She struggled with alcoholism.

Bird and Sherwin report that Kitty “had a fair share of martinis” at Los Alamos, but, by the time she and Robert moved to Princeton, her drinking worsened. Hobson recalled, “She would get drunk sometimes to the point of falling down and not making much sense. Sometimes she passed out. But so many times I have seen her pull herself together when you didn’t believe she possibly could.”

On the contrary, Serber insisted years later that Kitty’s drunken appearance was the result of her taking strong sedatives for her pancreatitis. He said she “never drank excessively for a normal person.” Friends of the couple noticed that Oppenheimer was passive about Kitty’s drinking.

She was questioned about her communist background, but firmly stood her ground.

Kitty Oppenheimer was introduced to communism through her previous husband Joseph Dallet. At first, she was only allowed to join the Young Communist League, a membership she earned after handing out copies of the Daily Worker, according to American Prometheus. She paid dues and met other members of the party through Dallet. She went on to serve as the party’s “literary agent” in 1935. She even attended a protest in Paris of the West’s neutrality to the Spanish Civil War.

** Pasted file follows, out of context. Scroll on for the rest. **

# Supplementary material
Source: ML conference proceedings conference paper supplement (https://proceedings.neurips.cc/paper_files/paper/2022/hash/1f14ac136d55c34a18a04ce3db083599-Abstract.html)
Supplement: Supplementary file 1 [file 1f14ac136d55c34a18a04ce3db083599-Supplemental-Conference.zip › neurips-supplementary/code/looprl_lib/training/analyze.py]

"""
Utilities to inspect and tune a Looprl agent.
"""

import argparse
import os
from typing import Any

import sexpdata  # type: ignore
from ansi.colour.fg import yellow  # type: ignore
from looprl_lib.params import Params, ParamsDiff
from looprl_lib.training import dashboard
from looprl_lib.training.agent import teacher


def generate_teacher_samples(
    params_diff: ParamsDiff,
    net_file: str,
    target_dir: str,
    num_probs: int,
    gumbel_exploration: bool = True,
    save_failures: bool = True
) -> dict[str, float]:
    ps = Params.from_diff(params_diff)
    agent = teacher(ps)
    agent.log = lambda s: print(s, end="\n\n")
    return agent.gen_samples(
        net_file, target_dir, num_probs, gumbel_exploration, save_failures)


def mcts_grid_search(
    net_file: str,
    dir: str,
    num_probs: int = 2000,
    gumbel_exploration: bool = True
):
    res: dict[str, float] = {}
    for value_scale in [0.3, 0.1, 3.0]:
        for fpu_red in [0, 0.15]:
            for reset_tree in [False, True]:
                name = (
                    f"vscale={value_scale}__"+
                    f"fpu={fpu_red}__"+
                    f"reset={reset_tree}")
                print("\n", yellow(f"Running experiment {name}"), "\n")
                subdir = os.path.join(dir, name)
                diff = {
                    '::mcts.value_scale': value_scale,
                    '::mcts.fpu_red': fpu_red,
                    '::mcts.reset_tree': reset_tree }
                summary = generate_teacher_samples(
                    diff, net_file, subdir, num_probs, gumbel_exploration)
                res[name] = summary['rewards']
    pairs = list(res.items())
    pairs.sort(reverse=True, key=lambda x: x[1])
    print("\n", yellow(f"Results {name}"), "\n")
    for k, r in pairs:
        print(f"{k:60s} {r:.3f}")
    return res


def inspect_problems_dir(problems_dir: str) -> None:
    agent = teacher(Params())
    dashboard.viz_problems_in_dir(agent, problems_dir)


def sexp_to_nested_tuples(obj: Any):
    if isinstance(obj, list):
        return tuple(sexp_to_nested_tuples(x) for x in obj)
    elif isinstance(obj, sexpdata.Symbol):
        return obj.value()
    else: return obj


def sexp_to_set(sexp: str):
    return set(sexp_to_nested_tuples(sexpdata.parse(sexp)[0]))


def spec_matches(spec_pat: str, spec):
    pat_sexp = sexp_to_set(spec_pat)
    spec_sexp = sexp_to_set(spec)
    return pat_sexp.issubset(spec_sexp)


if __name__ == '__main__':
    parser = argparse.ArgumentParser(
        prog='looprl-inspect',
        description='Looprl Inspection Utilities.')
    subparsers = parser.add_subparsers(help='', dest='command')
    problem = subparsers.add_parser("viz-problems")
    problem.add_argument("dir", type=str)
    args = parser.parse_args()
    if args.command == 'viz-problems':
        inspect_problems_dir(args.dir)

These activities would later come back to haunt her and her husband, especially in the ’50s, during his security hearing by the United States Atomic Energy Commission. In one of the most gripping scenes of Oppenheimer, Kitty (played fiercely by Blunt) puts on a remarkable show, facing her interrogators with great tenacity, when she’s called in as a witness. Turns out, that’s not too different from how her real-life testimonies went down. Many of her lines in those scenes were taken right from the transcript of the hearings.

Despite being nervous, as Kitty later revealed to a friend, she appeared composed and unflappable. Bird and Sherwin write, “She acquitted herself easily, coolly and precisely answering each question.” And she appeared “forthright and unflustered,” probably a result of her parents teaching her strict discipline as a child.